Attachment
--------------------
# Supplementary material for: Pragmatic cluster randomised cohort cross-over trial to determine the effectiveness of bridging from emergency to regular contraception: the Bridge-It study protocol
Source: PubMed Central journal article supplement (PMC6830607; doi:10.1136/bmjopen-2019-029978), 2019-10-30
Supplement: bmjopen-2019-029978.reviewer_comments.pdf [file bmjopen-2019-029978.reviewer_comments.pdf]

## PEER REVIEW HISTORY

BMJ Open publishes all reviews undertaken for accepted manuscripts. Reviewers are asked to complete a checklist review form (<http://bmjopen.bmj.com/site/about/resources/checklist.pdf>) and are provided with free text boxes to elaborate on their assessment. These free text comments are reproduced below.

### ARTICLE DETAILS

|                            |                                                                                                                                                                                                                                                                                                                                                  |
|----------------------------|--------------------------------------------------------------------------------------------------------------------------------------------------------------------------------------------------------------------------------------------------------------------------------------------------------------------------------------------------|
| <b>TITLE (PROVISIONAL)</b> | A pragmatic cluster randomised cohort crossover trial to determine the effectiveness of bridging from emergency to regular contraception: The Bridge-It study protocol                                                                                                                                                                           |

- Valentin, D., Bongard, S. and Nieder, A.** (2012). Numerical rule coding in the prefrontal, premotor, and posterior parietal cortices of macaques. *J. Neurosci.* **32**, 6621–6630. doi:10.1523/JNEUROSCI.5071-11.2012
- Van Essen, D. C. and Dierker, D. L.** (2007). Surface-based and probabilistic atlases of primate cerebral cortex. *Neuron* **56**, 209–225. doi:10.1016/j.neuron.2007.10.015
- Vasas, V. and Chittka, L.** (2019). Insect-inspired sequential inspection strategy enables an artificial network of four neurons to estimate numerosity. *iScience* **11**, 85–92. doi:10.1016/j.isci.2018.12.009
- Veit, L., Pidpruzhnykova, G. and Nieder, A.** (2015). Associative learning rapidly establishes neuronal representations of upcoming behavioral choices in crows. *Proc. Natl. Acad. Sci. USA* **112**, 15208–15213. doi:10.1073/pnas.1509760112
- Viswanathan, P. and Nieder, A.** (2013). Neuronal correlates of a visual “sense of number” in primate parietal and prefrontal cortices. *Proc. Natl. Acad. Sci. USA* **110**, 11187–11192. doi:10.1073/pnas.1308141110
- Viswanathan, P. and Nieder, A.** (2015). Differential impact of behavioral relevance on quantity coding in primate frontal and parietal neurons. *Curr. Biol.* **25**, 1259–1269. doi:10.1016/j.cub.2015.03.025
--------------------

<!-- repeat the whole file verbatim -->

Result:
# Supplementary material for: Pragmatic cluster randomised cohort cross-over trial to determine the effectiveness of bridging from emergency to regular contraception: the Bridge-It study protocol
Source: PubMed Central journal article supplement (PMC6830607; doi:10.1136/bmjopen-2019-029978), 2019-10-30
Supplement: bmjopen-2019-029978.reviewer_comments.pdf [file bmjopen-2019-029978.reviewer_comments.pdf]

## PEER REVIEW HISTORY

BMJ Open publishes all reviews undertaken for accepted manuscripts. Reviewers are asked to complete a checklist review form (<http://bmjopen.bmj.com/site/about/resources/checklist.pdf>) and are provided with free text boxes to elaborate on their assessment. These free text comments are reproduced below.

### ARTICLE DETAILS

|                            |                                                                                                                                                                                                                                                                                                                                                  |
|----------------------------|--------------------------------------------------------------------------------------------------------------------------------------------------------------------------------------------------------------------------------------------------------------------------------------------------------------------------------------------------|
| <b>TITLE (PROVISIONAL)</b> | A pragmatic cluster randomised cohort crossover trial to determine the effectiveness of bridging from emergency to regular contraception: The Bridge-It study protocol                                                                                                                                                                           |

- Valentin, D., Bongard, S. and Nieder, A.** (2012). Numerical rule coding in the prefrontal, premotor, and posterior parietal cortices of macaques. *J. Neurosci.* **32**, 6621–6630. doi:10.1523/JNEUROSCI.5071-11.2012
- Van Essen, D. C. and Dierker, D. L.** (2007). Surface-based and probabilistic atlases of primate cerebral cortex. *Neuron* **56**, 209–225. doi:10.1016/j.neuron.2007.10.015
- Vasas, V. and Chittka, L.** (2019). Insect-inspired sequential inspection strategy enables an artificial network of four neurons to estimate numerosity. *iScience* **11**, 85–92. doi:10.1016/j.isci.2018.12.009
- Veit, L., Pidpruzhnykova, G. and Nieder, A.** (2015). Associative learning rapidly establishes neuronal representations of upcoming behavioral choices in crows. *Proc. Natl. Acad. Sci. USA* **112**, 15208–15213. doi:10.1073/pnas.1509760112
- Viswanathan, P. and Nieder, A.** (2013). Neuronal correlates of a visual “sense of number” in primate parietal and prefrontal cortices. *Proc. Natl. Acad. Sci. USA* **110**, 11187–11192. doi:10.1073/pnas.1308141110
- Viswanathan, P. and Nieder, A.** (2015). Differential impact of behavioral relevance on quantity coding in primate frontal and parietal neurons. *Curr. Biol.* **25**, 1259–1269. doi:10.1016/j.cub.2015.03.025